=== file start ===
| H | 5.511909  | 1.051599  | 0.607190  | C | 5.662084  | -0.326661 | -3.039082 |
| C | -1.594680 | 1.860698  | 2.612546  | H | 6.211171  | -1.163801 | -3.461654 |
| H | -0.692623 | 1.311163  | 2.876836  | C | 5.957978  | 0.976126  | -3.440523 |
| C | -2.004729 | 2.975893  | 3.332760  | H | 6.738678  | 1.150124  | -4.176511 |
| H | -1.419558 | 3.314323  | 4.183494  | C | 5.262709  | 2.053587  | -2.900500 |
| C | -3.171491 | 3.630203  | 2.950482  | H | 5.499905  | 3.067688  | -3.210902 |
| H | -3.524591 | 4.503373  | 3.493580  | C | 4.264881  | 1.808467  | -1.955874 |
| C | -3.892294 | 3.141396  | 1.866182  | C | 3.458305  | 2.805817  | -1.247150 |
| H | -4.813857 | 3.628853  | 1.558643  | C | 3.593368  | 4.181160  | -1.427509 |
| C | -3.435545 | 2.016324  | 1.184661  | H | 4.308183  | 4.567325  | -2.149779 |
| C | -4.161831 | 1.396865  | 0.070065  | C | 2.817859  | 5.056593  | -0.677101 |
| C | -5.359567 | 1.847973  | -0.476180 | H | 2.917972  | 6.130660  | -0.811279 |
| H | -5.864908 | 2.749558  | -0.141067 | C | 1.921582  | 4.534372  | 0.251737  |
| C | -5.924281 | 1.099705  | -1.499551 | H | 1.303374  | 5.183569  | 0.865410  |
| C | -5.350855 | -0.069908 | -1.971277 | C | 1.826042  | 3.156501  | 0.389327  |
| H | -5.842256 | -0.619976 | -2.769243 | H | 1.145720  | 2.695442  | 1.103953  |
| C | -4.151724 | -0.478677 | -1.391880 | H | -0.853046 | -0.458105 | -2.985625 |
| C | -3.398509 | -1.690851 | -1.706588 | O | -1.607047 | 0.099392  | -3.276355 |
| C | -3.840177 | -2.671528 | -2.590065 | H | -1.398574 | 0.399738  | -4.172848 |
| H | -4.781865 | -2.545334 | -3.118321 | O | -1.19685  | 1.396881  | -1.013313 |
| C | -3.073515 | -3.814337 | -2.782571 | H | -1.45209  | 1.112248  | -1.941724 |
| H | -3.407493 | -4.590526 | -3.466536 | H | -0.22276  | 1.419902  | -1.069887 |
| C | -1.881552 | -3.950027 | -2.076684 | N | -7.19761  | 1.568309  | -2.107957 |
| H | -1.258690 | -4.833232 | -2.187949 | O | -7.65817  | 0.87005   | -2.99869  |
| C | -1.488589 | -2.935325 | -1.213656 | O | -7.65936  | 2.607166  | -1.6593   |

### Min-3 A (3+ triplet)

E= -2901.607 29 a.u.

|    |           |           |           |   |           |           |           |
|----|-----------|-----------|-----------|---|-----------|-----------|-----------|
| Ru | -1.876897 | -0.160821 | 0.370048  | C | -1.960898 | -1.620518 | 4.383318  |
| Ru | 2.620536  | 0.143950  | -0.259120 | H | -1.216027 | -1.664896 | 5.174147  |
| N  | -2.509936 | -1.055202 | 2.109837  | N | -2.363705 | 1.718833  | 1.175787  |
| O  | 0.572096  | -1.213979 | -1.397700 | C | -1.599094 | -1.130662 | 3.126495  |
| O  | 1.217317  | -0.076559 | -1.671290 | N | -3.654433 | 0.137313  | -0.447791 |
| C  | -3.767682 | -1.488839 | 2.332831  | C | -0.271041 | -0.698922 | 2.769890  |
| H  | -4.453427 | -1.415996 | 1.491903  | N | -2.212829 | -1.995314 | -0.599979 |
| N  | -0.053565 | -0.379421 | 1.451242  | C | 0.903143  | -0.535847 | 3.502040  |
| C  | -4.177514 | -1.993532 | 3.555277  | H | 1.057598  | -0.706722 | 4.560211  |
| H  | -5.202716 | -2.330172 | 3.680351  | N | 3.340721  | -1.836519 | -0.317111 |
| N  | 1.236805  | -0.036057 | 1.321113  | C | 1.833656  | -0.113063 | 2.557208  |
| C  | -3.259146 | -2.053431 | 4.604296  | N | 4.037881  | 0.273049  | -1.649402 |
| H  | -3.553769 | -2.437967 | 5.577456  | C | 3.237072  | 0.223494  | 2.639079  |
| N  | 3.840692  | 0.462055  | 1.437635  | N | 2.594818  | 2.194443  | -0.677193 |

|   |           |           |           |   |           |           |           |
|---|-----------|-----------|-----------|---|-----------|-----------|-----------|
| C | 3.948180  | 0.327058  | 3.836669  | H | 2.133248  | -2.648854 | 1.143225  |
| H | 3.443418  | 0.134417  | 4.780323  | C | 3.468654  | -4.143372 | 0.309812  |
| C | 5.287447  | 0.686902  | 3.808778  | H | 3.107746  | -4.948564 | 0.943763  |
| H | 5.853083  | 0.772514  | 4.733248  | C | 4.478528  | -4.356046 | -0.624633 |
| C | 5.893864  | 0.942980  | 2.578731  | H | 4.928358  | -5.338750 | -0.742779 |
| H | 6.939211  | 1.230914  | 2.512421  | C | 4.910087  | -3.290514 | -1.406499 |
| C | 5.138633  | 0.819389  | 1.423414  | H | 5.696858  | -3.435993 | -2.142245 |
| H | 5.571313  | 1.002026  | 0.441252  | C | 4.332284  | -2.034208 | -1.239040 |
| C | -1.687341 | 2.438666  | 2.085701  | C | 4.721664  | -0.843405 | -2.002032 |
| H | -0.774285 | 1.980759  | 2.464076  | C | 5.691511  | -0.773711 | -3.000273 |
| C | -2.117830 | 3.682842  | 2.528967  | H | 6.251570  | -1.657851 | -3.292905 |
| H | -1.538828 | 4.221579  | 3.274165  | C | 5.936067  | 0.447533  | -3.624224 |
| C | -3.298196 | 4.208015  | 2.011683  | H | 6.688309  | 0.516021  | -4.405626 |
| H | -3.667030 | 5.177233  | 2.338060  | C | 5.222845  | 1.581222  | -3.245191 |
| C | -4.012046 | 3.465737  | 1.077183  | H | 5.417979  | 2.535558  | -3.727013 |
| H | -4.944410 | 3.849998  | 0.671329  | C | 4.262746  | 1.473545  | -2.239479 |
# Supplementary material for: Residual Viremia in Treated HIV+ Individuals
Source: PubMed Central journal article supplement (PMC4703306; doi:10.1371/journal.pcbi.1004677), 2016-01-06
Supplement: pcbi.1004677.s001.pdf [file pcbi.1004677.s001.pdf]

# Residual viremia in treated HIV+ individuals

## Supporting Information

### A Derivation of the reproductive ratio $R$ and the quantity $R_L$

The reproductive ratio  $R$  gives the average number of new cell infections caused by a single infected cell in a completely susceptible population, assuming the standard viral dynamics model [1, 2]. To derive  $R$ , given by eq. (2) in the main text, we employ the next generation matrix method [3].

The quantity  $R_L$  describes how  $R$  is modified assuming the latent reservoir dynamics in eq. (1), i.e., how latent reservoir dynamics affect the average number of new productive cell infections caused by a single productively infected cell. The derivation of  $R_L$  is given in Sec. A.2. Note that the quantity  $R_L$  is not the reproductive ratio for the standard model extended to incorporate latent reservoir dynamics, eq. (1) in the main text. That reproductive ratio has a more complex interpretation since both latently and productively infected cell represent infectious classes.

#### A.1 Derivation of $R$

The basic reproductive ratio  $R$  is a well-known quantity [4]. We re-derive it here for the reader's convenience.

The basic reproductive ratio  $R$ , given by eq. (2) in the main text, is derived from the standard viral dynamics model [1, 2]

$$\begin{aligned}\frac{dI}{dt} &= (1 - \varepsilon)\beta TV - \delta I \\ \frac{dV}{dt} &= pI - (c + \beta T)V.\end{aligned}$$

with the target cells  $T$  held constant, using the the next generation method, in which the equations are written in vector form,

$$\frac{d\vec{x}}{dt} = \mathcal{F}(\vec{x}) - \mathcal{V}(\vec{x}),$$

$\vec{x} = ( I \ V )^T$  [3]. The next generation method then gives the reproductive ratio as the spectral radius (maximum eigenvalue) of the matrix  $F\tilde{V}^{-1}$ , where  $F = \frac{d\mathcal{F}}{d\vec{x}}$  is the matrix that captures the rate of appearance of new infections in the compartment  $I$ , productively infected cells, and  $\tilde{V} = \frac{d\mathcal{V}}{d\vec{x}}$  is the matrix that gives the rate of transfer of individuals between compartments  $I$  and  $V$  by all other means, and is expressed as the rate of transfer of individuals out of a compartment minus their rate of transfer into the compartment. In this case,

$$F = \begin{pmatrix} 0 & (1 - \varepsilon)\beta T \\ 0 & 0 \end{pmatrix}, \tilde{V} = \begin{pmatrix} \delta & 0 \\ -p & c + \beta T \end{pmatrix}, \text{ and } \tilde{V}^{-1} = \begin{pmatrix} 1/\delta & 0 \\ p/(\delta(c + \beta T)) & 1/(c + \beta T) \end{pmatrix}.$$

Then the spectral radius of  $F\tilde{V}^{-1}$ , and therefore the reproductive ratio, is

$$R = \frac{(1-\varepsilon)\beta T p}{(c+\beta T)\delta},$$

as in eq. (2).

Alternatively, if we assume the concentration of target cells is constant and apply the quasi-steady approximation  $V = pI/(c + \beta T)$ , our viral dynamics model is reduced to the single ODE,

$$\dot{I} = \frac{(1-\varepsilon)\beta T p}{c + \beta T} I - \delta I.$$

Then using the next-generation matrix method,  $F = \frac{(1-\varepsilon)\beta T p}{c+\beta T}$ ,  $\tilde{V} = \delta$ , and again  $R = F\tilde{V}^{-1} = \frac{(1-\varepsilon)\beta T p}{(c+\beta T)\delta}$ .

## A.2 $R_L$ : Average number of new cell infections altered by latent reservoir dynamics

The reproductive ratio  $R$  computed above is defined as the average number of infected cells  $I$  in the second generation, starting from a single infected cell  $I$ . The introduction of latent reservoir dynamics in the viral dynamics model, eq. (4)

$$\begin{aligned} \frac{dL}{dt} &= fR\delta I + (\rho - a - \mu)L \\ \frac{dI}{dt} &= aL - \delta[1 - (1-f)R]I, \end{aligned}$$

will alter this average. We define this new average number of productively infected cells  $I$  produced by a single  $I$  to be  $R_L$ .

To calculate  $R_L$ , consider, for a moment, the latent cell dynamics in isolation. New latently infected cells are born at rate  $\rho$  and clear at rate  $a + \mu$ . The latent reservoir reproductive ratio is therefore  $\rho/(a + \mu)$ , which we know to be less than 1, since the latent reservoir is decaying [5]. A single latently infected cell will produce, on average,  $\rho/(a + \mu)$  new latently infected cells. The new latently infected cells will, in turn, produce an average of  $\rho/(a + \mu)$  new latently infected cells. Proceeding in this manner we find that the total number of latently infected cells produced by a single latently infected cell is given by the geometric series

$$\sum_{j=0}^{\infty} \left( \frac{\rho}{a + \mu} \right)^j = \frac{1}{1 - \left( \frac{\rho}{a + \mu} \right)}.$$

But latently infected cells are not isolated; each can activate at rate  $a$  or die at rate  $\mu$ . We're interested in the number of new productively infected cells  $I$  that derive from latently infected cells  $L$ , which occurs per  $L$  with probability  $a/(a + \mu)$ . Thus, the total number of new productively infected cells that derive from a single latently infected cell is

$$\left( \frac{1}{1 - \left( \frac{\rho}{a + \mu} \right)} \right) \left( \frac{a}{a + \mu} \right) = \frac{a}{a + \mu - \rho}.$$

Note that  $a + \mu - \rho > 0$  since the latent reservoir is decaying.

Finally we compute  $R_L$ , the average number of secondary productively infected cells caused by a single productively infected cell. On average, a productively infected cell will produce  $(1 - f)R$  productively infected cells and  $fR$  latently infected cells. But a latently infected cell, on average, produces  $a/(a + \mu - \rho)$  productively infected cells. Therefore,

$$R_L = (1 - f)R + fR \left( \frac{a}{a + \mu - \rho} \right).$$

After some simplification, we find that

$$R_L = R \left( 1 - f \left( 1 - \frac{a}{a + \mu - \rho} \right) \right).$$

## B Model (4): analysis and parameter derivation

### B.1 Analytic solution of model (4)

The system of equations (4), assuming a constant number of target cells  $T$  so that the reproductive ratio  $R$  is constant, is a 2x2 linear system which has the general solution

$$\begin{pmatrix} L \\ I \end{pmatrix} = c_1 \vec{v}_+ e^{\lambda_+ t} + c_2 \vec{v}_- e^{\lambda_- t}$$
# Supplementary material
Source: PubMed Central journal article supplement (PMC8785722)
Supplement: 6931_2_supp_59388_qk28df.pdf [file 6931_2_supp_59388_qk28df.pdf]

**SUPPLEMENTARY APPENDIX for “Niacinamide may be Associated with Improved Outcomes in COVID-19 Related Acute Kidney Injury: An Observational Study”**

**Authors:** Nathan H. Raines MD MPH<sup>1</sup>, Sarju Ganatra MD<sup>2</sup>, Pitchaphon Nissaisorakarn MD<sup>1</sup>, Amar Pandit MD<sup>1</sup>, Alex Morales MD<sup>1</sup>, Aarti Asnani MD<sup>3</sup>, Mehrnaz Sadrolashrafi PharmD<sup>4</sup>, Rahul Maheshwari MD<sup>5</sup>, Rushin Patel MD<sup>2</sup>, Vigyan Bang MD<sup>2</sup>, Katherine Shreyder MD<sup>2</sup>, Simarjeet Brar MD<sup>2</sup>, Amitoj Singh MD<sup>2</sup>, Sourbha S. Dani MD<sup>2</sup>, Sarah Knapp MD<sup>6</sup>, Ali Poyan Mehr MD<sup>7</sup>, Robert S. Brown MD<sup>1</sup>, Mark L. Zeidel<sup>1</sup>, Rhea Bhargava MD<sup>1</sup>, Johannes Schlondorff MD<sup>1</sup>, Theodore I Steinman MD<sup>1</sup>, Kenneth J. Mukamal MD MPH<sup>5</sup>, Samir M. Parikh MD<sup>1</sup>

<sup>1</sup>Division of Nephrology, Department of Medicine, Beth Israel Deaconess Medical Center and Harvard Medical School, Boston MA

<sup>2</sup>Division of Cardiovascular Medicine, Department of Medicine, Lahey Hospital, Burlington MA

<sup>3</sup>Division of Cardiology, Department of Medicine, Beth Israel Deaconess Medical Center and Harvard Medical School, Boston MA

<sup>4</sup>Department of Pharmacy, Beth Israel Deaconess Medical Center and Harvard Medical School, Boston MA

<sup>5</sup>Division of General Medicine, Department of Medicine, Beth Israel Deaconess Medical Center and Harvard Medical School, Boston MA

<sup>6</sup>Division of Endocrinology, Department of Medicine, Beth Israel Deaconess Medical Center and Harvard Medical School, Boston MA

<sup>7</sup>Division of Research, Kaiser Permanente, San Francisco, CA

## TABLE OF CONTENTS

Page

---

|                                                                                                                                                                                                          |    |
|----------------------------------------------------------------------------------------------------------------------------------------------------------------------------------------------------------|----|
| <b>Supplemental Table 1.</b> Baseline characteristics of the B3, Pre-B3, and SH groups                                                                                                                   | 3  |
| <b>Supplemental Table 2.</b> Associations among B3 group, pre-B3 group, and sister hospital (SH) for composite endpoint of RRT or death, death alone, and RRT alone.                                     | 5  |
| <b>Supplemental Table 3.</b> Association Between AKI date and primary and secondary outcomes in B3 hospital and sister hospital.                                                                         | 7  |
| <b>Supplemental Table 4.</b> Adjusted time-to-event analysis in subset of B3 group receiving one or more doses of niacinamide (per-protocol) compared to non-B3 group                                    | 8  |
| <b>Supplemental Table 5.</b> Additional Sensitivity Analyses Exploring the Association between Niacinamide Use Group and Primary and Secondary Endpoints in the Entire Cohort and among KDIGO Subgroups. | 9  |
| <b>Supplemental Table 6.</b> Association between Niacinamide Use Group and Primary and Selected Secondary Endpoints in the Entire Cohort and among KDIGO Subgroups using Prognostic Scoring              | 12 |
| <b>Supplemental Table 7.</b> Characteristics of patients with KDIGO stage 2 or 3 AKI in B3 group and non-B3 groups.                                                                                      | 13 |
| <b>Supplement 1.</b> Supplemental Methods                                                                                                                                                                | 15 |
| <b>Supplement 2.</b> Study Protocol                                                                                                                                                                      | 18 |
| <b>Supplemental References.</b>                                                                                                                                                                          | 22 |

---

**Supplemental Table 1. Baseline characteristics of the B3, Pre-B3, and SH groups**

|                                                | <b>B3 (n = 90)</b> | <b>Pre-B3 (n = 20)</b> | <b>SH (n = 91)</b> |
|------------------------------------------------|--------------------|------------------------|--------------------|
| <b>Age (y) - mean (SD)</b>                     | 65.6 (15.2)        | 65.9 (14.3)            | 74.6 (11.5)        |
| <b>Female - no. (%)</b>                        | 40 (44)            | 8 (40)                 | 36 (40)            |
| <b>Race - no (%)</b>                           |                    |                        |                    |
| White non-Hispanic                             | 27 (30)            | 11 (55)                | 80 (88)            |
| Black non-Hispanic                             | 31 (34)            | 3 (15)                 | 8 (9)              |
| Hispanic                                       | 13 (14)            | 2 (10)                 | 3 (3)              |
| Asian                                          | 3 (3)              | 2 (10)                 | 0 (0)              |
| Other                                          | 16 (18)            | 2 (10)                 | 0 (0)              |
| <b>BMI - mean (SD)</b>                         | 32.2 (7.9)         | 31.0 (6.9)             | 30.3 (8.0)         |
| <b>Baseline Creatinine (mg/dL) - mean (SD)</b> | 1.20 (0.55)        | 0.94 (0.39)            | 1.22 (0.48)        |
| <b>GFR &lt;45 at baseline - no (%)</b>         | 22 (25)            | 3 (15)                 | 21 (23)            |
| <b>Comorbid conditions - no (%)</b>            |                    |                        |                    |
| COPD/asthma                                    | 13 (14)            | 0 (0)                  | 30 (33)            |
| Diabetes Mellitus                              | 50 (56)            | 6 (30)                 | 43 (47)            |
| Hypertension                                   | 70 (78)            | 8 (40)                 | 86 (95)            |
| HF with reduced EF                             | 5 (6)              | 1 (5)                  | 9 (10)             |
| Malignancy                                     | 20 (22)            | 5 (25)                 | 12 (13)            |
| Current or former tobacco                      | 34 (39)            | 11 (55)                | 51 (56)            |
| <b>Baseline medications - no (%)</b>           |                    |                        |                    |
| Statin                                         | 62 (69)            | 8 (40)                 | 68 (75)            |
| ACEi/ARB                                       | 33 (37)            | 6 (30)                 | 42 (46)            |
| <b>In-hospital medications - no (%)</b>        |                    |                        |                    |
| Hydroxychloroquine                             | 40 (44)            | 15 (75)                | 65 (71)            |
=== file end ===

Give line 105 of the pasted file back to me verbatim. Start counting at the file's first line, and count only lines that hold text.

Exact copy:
**Authors:** Nathan H. Raines MD MPH<sup>1</sup>, Sarju Ganatra MD<sup>2</sup>, Pitchaphon Nissaisorakarn MD<sup>1</sup>, Amar Pandit MD<sup>1</sup>, Alex Morales MD<sup>1</sup>, Aarti Asnani MD<sup>3</sup>, Mehrnaz Sadrolashrafi PharmD<sup>4</sup>, Rahul Maheshwari MD<sup>5</sup>, Rushin Patel MD<sup>2</sup>, Vigyan Bang MD<sup>2</sup>, Katherine Shreyder MD<sup>2</sup>, Simarjeet Brar MD<sup>2</sup>, Amitoj Singh MD<sup>2</sup>, Sourbha S. Dani MD<sup>2</sup>, Sarah Knapp MD<sup>6</sup>, Ali Poyan Mehr MD<sup>7</sup>, Robert S. Brown MD<sup>1</sup>, Mark L. Zeidel<sup>1</sup>, Rhea Bhargava MD<sup>1</sup>, Johannes Schlondorff MD<sup>1</sup>, Theodore I Steinman MD<sup>1</sup>, Kenneth J. Mukamal MD MPH<sup>5</sup>, Samir M. Parikh MD<sup>1</sup>